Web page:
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Trent Williams: The key to Donovan McNabb's season and the Redskins success
September 10, 2010 - 03:03 pm
Mike Shanahan won't say whether he thinks water is wet. He won't admit that toast is brown. He refuses to comment on the rumor that the sun rises in the east. But Captain Can't Confirm has shown his hand in one very important way already, with the season opener against Dallas on Sunday looming. He showed it four and a half months ago.
Like every other NFL coach, he's scared witless about his quarterback's blind side. And that's why the Redskins didn't move up in the draft to take Sam Bradford, and didn't move down to secure more picks. That's why Shanahan and Bruce Allen went for Oklahoma's Trent Williams with the fourth pick overall. Taking a left tackle instead of a potential franchise quarterback is the new normal in the NFL, and it's a move on which Shanahan’s long-term success in Washington could depend.
Trent Williams was drafted to block DeMarcus Ware, the Cowboys' dynamic linebacker, for the next 10 years. And the Giants' Mathias Kiwanuka and Osi Umenyiora. And the Eagles' Trent Cole. And Dwight Freeney and [link widoczny dla zalogowanych] and Julius Peppers and Mario Williams, too. But Ware first, on Sunday night, in front of the football world.
If Shanahan and Allen are right about Williams, the rebuild of this once-proud franchise will continue apace. If not . . . well, let's just say Dan Snyder's body of work when there's a football decision-making vacuum in Ashburn hasn't been sterling.
The Redskins have five of the league's top 10 sackmasters from last season on their schedule this season, and eight of the top 16. All but one of them play right defensive end or right outside linebacker in a 3-4, and it's a major part of Trent Williams' job portfolio to neutralize them.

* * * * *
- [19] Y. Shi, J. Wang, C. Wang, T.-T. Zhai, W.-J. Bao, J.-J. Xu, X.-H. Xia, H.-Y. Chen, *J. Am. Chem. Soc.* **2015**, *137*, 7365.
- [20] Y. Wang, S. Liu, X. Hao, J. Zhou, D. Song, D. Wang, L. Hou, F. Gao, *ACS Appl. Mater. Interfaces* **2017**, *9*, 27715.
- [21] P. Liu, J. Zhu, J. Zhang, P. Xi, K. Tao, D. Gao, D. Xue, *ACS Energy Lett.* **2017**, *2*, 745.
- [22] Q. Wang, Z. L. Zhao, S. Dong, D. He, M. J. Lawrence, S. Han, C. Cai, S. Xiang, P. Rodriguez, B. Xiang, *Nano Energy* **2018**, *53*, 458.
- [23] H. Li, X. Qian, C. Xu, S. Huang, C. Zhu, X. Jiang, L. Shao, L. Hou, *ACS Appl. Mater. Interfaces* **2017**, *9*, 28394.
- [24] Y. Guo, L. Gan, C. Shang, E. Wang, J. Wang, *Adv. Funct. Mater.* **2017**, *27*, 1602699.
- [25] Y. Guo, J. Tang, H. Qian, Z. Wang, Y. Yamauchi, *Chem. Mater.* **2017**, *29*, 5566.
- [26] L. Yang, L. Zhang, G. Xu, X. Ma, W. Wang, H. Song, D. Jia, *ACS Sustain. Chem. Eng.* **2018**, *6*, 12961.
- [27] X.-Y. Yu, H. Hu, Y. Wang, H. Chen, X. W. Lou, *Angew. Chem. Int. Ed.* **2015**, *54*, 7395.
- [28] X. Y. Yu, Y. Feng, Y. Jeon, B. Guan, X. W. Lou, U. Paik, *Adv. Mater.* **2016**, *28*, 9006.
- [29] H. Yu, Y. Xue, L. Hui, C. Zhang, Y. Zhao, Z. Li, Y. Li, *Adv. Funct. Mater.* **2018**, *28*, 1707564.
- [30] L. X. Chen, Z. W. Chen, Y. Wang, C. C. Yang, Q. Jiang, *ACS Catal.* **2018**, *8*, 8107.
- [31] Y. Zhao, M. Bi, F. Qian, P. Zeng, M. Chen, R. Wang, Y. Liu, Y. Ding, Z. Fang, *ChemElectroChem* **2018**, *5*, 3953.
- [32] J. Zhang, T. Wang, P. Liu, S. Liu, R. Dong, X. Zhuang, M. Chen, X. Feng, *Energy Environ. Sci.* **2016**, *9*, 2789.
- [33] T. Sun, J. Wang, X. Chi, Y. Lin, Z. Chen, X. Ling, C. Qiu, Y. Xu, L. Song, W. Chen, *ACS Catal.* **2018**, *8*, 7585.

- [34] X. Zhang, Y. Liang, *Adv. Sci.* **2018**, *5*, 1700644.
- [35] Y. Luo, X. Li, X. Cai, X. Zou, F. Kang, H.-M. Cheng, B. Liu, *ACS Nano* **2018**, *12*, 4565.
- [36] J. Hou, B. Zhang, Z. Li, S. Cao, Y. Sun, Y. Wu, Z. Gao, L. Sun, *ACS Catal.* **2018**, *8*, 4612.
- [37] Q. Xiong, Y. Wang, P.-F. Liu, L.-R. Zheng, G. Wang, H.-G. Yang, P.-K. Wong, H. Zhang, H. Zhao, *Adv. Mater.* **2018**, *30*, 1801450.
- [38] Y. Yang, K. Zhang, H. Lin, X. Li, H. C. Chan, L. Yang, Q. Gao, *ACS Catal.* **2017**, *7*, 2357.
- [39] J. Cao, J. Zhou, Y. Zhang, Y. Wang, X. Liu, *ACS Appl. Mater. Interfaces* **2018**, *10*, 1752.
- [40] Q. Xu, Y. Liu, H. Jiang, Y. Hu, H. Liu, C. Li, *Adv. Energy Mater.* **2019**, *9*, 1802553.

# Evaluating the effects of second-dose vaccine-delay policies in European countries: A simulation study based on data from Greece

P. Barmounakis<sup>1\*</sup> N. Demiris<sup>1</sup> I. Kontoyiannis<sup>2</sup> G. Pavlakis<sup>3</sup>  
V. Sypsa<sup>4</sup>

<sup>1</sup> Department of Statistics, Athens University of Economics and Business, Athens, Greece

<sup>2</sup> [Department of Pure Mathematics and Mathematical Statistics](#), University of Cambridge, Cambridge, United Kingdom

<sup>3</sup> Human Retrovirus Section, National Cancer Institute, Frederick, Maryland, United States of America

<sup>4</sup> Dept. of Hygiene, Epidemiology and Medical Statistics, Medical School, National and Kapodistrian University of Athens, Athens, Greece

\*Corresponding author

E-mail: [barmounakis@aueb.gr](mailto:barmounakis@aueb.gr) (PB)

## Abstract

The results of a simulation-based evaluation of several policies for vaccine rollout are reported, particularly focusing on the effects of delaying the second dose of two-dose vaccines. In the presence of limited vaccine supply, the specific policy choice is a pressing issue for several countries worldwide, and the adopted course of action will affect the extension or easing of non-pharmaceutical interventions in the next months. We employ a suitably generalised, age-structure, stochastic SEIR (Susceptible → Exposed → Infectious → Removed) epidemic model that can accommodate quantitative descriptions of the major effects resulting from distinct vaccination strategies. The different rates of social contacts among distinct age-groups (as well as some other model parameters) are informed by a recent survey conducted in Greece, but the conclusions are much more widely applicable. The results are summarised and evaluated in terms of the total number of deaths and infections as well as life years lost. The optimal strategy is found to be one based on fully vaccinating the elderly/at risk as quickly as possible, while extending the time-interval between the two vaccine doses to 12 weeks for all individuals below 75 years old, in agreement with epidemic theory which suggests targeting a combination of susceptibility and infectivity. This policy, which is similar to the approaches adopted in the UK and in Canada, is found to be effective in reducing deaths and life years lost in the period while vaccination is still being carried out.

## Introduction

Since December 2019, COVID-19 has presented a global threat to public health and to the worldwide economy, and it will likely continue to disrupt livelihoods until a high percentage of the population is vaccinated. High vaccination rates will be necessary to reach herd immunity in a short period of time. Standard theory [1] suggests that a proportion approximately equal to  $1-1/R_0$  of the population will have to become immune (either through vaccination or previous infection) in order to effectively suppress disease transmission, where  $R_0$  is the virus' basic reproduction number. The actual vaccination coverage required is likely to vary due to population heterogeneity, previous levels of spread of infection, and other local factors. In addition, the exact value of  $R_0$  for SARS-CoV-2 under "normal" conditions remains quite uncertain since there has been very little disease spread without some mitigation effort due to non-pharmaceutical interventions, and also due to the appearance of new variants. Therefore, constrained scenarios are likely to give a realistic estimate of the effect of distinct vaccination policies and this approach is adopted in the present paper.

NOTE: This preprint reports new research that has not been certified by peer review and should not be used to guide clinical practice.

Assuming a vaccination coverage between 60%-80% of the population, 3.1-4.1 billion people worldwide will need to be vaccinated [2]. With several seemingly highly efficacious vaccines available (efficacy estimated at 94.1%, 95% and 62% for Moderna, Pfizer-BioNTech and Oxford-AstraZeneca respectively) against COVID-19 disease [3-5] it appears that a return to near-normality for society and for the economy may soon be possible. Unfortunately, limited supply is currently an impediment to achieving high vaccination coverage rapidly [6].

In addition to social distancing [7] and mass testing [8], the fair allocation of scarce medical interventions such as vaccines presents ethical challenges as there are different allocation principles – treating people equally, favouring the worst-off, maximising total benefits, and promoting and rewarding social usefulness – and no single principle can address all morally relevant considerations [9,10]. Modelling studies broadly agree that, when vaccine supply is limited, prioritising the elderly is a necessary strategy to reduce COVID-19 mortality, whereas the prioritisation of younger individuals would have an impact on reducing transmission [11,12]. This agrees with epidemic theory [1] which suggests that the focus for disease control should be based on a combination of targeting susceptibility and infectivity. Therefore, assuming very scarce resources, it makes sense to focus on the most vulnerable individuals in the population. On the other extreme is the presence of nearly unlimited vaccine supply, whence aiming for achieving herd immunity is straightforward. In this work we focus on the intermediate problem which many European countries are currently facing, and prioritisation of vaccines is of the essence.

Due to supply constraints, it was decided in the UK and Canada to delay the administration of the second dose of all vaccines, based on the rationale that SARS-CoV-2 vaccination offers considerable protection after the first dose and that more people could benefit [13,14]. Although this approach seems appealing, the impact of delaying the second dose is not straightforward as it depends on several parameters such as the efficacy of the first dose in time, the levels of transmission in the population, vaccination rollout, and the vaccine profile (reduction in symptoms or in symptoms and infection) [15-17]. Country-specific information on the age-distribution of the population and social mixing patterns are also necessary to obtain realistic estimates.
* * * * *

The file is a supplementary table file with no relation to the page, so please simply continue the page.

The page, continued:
Nobody can scheme an offense better than Shanahan; few have had as much success wearing down opposing defenses over the years. But none of the plays that either Shanahan -- Mike or son Kyle, the offensive coordinator -- come up with on Tuesday nights at Redskins Park are going to amount to jack if Washington can't keep Donovan McNabb in one piece. The Cowboys were a top five defense last season, and it's blocking Ware, with 64.5 career sacks entering this season, that is the first order of business in every team's game plan.
Williams could handle Ware on 48 straight snaps on Sunday, and if he has one error in technique on play 49, one time when he gets bull rushed off his feet or succumbs to a swim move, McNabb could get broken in two. And there goes the season. That's unfair to Williams, but left tackles get drafted high and get paid well -- even when their teams stink -- for their efforts.
"It just goes along with the game, man," the decidedly angst-free Williams said this week. "Playing it for a long time, that's just how the game goes."
Of course, Williams hasn't been playing left tackle all that long -- one year, to be exact. He was a guard in high school and a right tackle his first three years at Oklahoma before switching before his senior season last year. His unique combination of size and quick feet made the conversion a natural one. The Redskins, picking fourth in the draft, viewed Williams as a better, more athletic prospect than Oklahoma State's Russell Okung, who went two picks later to Seattle, and he replaced Phil Loadholt, now with the Vikings, without much of a hitch.
No one doubts that Williams has the potential to become a top-notch pro lineman. But right now, he's a rookie, and rookies make rookie mistakes. That has to give McNabb night sweats.
He got the welts three years ago, on another Sunday night, when the Eagles, inexplicably, gave second-year tackle Winston Justice next to no help blocking Umenyiora in Giants Stadium. And with the Eagles calling passes without end, the result was devastating. Umenyiora racked up four sacks against Justice and finished the game with six, setting a Giants record for the most sacks in a single game. The Giants' defense totaled 12 sacks against the Eagles that night. Ever since, the Eagles have used backs, tight ends and receivers to chip Umenyiora -- who is now second string on New York's depth chart -- and limited him to three sacks total in the teams' last three meetings.
I suspect McNabb has made his feelings on the subject known at Redskins Park in the last seven months, even if it means keeping in a tight end like Chris Cooley or Fred Davis that he'd rather have in the passing game, or taking the risk of using a receiver like Santana Moss to pitch in on his way out into the pattern. Do the Shanahans concur with that approach? I guess we'll find out Sunday.